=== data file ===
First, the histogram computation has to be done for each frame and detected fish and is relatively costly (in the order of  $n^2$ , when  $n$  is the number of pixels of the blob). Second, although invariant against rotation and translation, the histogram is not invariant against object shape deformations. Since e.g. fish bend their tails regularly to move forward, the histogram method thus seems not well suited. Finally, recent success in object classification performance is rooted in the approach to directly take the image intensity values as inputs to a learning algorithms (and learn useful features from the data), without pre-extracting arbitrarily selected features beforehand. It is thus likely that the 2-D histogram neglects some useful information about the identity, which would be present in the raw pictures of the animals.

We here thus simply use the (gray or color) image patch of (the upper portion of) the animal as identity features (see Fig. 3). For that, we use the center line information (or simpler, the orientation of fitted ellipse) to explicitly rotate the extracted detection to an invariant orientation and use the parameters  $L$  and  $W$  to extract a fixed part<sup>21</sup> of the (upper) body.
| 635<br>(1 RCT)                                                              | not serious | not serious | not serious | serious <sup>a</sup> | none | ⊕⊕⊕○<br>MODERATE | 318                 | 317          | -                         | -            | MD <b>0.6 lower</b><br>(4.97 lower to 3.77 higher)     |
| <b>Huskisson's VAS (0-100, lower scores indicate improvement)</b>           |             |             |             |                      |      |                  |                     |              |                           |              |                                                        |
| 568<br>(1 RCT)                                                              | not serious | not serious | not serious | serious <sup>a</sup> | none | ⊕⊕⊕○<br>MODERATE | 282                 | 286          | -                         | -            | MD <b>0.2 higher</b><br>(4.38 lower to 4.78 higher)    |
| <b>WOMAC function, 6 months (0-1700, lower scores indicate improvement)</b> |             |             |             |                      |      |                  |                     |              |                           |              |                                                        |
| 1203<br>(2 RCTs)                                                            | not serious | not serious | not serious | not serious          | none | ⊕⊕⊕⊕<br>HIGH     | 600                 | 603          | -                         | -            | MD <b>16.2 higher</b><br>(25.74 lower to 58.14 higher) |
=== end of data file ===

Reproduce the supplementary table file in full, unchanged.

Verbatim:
First, the histogram computation has to be done for each frame and detected fish and is relatively costly (in the order of  $n^2$ , when  $n$  is the number of pixels of the blob). Second, although invariant against rotation and translation, the histogram is not invariant against object shape deformations. Since e.g. fish bend their tails regularly to move forward, the histogram method thus seems not well suited. Finally, recent success in object classification performance is rooted in the approach to directly take the image intensity values as inputs to a learning algorithms (and learn useful features from the data), without pre-extracting arbitrarily selected features beforehand. It is thus likely that the 2-D histogram neglects some useful information about the identity, which would be present in the raw pictures of the animals.

We here thus simply use the (gray or color) image patch of (the upper portion of) the animal as identity features (see Fig. 3). For that, we use the center line information (or simpler, the orientation of fitted ellipse) to explicitly rotate the extracted detection to an invariant orientation and use the parameters  $L$  and  $W$  to extract a fixed part<sup>21</sup> of the (upper) body.
| 635<br>(1 RCT)                                                              | not serious | not serious | not serious | serious <sup>a</sup> | none | ⊕⊕⊕○<br>MODERATE | 318                 | 317          | -                         | -            | MD <b>0.6 lower</b><br>(4.97 lower to 3.77 higher)     |
| <b>Huskisson's VAS (0-100, lower scores indicate improvement)</b>           |             |             |             |                      |      |                  |                     |              |                           |              |                                                        |
| 568<br>(1 RCT)                                                              | not serious | not serious | not serious | serious <sup>a</sup> | none | ⊕⊕⊕○<br>MODERATE | 282                 | 286          | -                         | -            | MD <b>0.2 higher</b><br>(4.38 lower to 4.78 higher)    |
| <b>WOMAC function, 6 months (0-1700, lower scores indicate improvement)</b> |             |             |             |                      |      |                  |                     |              |                           |              |                                                        |
| 1203<br>(2 RCTs)                                                            | not serious | not serious | not serious | not serious          | none | ⊕⊕⊕⊕<br>HIGH     | 600                 | 603          | -                         | -            | MD <b>16.2 higher</b><br>(25.74 lower to 58.14 higher) |